By 1951, with immense financial help given by REA, the 16 local cooperatives provided three-fourths of all the farms and ranches in Wyoming that year—9,626 in all—with electricity. After the lines were built, the cooperatives then purchased power from either public or private sources.
The Rural Electric Company project was huge, with 162 miles of line that began south of Grover, Colo., passed through Hereford and Carpenter, headed north to Albin and then from west to east from Crow Creek near Cheyenne to Bushnell, Neb.
O’Mahoney told the assembled crowd at the 1940 event in Carpenter that the local power came from the Seminoe Dam in central Wyoming, part of a project recently completed by the U.S. Reclamation Service.
More than $25,000 had flowed into the reclamation fund from royalties paid by oil producers on public land in Wyoming, O’Mahoney said. “So every farm home which received power from this project is now participating in [the benefits of] oil royalties collected from our public lands,” he explained.
“There was a time when most of the profits of oil developments were taken beyond the boundaries of this state,” the senator added. “Now, however, these royalties are used in such a fashion as to give direct benefit to every citizen of this state.”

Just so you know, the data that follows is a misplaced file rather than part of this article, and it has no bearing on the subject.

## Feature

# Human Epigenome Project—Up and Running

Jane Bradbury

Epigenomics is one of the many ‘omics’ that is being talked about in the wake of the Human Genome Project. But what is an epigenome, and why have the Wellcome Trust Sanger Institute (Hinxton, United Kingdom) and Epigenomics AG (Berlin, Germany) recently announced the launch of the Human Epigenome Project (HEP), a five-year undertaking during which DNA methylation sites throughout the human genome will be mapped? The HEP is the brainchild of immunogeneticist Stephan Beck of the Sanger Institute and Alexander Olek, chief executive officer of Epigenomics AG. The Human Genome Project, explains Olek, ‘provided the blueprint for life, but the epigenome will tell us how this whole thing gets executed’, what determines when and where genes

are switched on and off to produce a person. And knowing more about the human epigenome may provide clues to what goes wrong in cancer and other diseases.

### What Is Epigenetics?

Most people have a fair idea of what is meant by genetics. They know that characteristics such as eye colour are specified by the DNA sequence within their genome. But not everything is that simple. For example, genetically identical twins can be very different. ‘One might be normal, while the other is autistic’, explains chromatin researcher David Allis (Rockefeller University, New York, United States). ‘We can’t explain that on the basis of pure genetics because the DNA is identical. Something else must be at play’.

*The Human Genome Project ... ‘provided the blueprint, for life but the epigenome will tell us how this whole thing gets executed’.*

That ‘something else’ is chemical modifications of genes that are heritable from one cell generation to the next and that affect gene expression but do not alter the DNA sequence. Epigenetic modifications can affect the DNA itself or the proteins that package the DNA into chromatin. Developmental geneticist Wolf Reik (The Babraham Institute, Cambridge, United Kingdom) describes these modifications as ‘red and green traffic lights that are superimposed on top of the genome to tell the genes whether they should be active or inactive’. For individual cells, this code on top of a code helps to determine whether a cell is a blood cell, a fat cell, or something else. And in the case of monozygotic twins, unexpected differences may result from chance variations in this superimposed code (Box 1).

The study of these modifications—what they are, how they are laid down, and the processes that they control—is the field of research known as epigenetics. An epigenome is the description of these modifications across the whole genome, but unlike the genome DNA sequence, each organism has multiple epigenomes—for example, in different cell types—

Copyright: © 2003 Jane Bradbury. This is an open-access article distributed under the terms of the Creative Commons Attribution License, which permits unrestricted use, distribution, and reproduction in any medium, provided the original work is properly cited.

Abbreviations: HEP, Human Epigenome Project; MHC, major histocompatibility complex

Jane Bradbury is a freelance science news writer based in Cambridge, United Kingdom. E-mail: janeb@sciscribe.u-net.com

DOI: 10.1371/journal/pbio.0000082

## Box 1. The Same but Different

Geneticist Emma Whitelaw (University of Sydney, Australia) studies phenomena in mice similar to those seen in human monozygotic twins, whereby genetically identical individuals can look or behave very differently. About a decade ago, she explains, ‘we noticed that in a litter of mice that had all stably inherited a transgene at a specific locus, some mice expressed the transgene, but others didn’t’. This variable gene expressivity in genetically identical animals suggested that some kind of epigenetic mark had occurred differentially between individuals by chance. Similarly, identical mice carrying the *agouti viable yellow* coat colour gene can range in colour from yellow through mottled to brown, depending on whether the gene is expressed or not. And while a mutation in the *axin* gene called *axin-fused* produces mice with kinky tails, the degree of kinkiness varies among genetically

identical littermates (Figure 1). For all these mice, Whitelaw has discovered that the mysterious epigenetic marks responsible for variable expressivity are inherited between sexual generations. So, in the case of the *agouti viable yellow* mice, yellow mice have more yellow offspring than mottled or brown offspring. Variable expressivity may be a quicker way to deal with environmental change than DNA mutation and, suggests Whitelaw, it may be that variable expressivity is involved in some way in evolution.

Rural electrification was one of the central achievements of the New Deal of the 1930s. (Shmoop.com). In addition to household conveniences, the new electricity powered agricultural improvements too. Martha Thompson, a Carpenter farmer and unofficial historian of the area, noted during the 40th anniversary of the substation’s opening that O’Mahoney “was quick to grasp the importance of pump irrigation, but admitted that even he had no idea at the beginning of the drive by farmers to bring electricity into the area of the great potential quantities of water which could be pumped from the ground.”
Obstacles and Advantages
Even though money was readily available to them through the REA, Wyoming rural cooperatives still ran into plenty of obstacles bringing electricity to farms and ranches. Chief among these difficulties were the great distances between rural homes.
The pioneering cooperatives in the state spent approximately $1,000 per mile of line.
By the end of 1951, Wyoming rural cooperatives served 15,274 farms and rural homes, but this number translated into only 1.6 consumers per mile of line. That low number was steadily dropping as the cooperatives stretched their work into even more remote areas.